The United Nations condemned as a "war crime" Friday the Islamic State group's bulldozing of the ancient city of Nimrud, the jihadists' latest demolition of Iraqi cultural treasures.
After rampaging through Mosul's museum with sledgehammers and torching its library last month, ISIS "bulldozed" the nearby ruins of Nimrud Thursday, the tourism and antiquities ministry said.
Antiquities officials said ISIS militants had moved trucks last week to the site, which overlooks the Tigris River, 30 kilometers (18 miles) southeast of their main hub of Mosul.
"Until now, we do not know to what extent it was destroyed," one official said.
Nimrud was the latest victim of what appears to be a systematic campaign by the jihadists to obliterate Iraq's rich heritage.
"I'm really devastated. But it was just a matter of time, now we're waiting for the video. It's sad," Abdulamir Hamdani, an Iraqi archaeologist from Stony Brook University in New York said of the propaganda film of the destruction that ISIS will likely release.
He said the site's guards were denied access to Nimrud, which was founded in the 13th century BC and was once considered the jewel of the Assyrian era.
Its stunning reliefs and colossal statues of winged bulls with human heads guarding palace gates filled the world's museums in the 19th century.
A collection of 613 pieces of gold jewelry, ornaments and precious stones discovered in a royal tomb in 1988 has been described as one of the greatest archaeological finds of the 20th century.
"Their plan is to destroy Iraqi heritage, one site at a time," said Hamdani.
"Hatra of course will be next," he added, referring to a 2,000-year-old UNESCO-listed site about 100 kilometers south of Mosul known for its beautifully preserved temples blending Hellenistic, Roman and Eastern influences.
Irina Bokova, the head of the UN's cultural body UNESCO, condemned the destruction of Nimrud "with the strongest force".
"We cannot stay silent. The deliberate destruction of cultural heritage constitutes a war crime, and I call on all political and religious leaders in the region to stand up against this new barbarity," she said Friday.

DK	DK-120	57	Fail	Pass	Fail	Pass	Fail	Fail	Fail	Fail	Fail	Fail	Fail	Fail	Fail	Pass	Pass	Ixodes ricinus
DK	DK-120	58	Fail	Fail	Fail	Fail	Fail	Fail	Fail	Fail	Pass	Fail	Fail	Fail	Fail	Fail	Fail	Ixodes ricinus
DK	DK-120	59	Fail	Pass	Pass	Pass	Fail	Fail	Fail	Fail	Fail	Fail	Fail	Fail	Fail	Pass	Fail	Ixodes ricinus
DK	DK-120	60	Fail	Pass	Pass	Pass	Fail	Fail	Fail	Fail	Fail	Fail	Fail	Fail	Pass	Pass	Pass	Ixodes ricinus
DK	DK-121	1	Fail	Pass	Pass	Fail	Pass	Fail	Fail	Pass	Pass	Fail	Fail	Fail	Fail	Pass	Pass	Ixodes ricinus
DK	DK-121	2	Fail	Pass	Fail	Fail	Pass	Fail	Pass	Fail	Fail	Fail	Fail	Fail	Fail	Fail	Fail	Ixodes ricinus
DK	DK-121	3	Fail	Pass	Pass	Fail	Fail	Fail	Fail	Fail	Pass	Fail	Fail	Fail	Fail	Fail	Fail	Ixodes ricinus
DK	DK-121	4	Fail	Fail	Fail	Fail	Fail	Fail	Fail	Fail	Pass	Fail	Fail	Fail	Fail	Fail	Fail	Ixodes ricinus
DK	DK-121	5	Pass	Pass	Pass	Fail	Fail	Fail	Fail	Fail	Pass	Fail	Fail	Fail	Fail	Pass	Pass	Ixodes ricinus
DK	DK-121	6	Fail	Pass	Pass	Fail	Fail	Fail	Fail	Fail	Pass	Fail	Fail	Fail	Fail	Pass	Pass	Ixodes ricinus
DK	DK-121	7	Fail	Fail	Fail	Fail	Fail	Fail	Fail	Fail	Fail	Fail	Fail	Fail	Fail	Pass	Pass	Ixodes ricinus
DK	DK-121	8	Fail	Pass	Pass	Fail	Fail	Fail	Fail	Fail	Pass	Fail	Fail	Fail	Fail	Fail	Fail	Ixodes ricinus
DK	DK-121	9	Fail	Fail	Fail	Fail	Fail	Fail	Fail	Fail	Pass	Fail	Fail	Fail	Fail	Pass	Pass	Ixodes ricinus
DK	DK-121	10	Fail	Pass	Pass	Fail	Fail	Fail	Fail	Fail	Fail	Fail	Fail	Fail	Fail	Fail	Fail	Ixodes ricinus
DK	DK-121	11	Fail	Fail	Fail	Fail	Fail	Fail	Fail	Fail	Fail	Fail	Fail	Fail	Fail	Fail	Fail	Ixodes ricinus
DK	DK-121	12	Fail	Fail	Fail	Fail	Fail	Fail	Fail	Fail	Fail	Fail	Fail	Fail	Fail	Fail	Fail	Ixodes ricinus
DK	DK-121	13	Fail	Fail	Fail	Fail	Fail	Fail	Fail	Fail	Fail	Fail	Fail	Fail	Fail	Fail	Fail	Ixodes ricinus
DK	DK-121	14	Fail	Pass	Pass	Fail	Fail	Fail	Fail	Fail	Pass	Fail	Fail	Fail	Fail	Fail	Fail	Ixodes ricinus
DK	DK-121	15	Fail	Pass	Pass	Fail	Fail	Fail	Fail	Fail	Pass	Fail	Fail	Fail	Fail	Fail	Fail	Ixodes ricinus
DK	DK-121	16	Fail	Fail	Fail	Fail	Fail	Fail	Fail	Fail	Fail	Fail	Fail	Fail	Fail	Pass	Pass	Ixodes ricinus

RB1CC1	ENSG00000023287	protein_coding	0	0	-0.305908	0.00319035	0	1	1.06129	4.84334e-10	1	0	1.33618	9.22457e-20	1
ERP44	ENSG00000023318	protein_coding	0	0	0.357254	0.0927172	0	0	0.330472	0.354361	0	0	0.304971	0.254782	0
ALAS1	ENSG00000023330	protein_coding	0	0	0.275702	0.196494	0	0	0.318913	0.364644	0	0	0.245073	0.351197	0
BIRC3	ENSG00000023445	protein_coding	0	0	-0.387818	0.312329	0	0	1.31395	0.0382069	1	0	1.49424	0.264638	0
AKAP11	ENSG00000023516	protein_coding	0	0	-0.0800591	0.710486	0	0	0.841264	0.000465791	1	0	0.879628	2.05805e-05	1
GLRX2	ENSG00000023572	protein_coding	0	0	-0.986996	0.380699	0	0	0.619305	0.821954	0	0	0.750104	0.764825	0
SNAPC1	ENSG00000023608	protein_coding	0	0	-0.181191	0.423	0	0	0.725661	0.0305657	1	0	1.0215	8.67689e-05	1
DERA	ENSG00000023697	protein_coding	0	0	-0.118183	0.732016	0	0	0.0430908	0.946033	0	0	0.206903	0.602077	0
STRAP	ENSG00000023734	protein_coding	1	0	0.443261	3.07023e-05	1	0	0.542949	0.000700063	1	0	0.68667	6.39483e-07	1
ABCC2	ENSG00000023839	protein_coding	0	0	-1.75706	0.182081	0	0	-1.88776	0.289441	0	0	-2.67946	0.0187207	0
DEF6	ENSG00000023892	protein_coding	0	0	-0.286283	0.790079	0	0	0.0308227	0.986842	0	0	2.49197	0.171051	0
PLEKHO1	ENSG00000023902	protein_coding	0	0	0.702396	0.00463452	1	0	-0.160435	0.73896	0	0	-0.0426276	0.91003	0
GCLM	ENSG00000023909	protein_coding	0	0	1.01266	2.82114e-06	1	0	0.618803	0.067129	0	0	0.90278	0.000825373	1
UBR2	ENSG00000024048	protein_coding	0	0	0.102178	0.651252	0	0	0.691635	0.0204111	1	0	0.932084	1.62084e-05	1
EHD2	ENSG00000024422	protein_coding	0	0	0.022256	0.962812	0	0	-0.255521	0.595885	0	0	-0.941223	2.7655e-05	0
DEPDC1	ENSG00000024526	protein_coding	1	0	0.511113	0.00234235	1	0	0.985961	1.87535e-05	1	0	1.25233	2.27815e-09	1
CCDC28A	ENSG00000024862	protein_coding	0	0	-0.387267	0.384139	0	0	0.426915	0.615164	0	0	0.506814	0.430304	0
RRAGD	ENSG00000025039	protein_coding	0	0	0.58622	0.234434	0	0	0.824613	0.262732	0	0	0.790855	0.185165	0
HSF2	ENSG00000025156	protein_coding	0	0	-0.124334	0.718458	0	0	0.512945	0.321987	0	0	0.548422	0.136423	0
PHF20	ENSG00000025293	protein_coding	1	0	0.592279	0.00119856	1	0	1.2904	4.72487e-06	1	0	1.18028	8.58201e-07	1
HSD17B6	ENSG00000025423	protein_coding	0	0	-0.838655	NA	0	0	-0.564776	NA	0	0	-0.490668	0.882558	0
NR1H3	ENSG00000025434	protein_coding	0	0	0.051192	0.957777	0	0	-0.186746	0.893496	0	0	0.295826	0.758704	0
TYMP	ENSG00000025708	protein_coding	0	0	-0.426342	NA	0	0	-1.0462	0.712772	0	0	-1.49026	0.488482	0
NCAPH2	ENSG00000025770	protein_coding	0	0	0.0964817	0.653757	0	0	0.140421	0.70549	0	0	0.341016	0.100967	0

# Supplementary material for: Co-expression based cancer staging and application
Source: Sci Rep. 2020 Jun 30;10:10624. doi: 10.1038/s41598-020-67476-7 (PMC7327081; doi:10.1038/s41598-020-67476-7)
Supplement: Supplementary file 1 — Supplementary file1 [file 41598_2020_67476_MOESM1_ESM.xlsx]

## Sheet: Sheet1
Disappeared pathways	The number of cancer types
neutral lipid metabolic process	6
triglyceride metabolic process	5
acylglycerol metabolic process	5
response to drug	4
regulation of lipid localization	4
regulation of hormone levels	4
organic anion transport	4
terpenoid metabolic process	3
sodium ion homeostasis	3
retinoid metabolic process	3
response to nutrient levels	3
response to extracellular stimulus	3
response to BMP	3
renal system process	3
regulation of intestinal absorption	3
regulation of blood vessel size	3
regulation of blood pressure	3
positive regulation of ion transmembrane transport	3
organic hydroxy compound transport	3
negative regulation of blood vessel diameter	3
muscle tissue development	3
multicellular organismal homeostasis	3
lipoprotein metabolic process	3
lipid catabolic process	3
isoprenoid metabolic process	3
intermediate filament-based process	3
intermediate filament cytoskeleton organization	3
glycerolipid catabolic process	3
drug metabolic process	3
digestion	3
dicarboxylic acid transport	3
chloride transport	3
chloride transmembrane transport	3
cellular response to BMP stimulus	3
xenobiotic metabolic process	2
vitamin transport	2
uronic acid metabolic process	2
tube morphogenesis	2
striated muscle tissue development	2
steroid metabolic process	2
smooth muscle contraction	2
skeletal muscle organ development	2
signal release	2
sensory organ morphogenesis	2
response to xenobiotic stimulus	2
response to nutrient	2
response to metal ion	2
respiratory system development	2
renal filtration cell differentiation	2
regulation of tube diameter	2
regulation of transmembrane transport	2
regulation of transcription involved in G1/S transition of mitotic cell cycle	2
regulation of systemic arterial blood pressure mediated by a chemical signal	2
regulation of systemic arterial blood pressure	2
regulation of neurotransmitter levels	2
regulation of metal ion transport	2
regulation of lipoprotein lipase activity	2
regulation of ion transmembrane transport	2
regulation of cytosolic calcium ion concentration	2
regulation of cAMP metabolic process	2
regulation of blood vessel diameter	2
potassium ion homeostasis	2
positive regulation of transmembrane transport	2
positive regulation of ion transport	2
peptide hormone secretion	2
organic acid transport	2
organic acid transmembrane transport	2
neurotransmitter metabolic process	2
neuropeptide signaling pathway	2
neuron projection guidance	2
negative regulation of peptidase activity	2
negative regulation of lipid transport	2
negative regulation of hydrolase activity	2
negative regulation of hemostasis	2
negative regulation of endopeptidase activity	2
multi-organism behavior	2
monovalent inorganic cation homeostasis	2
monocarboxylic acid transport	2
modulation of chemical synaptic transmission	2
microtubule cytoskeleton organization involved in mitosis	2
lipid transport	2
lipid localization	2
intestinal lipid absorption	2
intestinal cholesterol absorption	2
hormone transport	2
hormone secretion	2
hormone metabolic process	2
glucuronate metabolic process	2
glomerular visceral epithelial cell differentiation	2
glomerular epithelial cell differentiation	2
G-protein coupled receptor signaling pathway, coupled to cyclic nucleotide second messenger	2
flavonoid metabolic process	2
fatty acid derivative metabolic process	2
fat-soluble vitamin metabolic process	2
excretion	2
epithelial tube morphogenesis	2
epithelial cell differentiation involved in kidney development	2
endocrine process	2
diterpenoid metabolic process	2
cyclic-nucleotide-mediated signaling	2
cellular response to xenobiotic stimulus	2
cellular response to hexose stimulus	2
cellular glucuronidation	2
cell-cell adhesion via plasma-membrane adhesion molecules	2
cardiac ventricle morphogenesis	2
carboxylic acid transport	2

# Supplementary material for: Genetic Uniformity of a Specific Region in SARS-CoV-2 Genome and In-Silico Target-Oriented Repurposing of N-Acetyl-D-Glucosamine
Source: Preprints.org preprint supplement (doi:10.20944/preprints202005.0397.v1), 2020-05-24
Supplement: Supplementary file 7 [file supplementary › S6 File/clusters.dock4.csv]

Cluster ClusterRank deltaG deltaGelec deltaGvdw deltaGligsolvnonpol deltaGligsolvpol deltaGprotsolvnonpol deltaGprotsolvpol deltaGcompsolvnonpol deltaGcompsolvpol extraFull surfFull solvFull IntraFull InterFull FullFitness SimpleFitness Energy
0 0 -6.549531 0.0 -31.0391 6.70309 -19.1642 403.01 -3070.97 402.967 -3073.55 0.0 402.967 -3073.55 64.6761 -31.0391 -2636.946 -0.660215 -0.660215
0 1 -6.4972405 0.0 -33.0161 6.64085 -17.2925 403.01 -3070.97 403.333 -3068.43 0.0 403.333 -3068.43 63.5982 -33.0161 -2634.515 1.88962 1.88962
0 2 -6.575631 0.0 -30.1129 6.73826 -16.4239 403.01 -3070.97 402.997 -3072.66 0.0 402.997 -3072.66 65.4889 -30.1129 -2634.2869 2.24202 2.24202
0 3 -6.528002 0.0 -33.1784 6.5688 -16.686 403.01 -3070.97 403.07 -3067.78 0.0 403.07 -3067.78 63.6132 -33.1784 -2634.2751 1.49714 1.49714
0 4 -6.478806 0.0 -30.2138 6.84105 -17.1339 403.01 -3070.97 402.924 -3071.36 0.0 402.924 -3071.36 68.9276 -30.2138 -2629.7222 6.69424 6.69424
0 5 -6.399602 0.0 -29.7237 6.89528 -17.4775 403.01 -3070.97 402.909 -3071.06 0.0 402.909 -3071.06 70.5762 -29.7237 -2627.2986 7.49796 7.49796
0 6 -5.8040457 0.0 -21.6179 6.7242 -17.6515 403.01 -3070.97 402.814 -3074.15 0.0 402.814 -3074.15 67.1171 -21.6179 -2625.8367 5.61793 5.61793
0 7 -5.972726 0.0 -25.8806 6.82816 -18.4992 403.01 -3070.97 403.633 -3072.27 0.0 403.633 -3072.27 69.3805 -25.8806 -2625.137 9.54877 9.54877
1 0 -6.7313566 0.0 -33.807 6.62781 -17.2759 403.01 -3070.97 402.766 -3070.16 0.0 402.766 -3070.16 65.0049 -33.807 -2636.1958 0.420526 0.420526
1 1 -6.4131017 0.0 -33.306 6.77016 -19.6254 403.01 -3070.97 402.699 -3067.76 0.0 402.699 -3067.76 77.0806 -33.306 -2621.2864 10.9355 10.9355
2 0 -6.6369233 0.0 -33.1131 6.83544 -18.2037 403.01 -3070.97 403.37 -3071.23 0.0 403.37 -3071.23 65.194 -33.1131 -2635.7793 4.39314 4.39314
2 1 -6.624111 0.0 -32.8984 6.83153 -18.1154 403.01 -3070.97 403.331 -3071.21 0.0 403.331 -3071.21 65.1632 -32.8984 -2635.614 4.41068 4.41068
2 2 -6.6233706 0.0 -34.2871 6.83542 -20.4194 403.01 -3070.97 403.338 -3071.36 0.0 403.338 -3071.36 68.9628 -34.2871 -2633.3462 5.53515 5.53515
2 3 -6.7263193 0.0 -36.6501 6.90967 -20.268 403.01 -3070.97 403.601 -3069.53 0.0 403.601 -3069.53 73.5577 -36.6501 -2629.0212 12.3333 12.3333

- 'Killing civilization' - UNESCO has called for tougher action to protect the many heritage sites in one of the cradles of civilization but little can be done in areas under jihadist control.
The destruction was met with condemnation and sadness on Baghdad's Mutanabi Street, a favorite haunt of Iraqi intellectuals.
"After they killed the human spirit, they began killing civilization," Ibrahim Dawood, a writer and poet, said of IS.
"A civilization considered the pride of Iraq and the world was erased in minutes," said Adel Abdullah, a health ministry employee.
ISIS attempts to justify the destruction by saying the statues are idolatrous, but experts say the jihadists traffic antiquities to fund their self-proclaimed "caliphate" and only destroy the pieces that are too bulky to be smuggled.
Stuart Gibson, a UNESCO expert on museums, said pressure from the international community would have little effect on IS.
"We have also traditionally called upon the peoples of the region to recognize the irreplaceable value and cultural necessity in protecting their cultural heritage," he said.
"Unfortunately today the people in the region are exhausted and terrified. The remainder of us can only stand on the outside looking on in absolute despair."
ISIS still controls large parts of northern and western Iraq, but has been losing ground under mounting military pressure from Iraqi federal and Kurdish forces backed by a US-led coalition and by Iran.
Baghdad launched a huge offensive Monday to retake the city of Tikrit, in what commanders have said was a stepping stone toward an even larger operation to free Mosul.
Since they swept through Iraq's Sunni heartland last June, ISIS militants have destroyed a long list of religious and heritage sites, including churches and Sunni shrines.
Most of Nimrud's priceless artifacts had long been moved to museums, in Mosul, Baghdad, Paris, London and elsewhere but some giant "lamassu" statues of winged bulls and reliefs were still on site.
"UNESCO is determined to do whatever is needed to document and protect the heritage of Iraq and lead the fight against the illicit traffic of cultural artifacts, which directly contributes to the financing of terrorism," said Bokova.
"At stake is the survival of the Iraqi culture and society."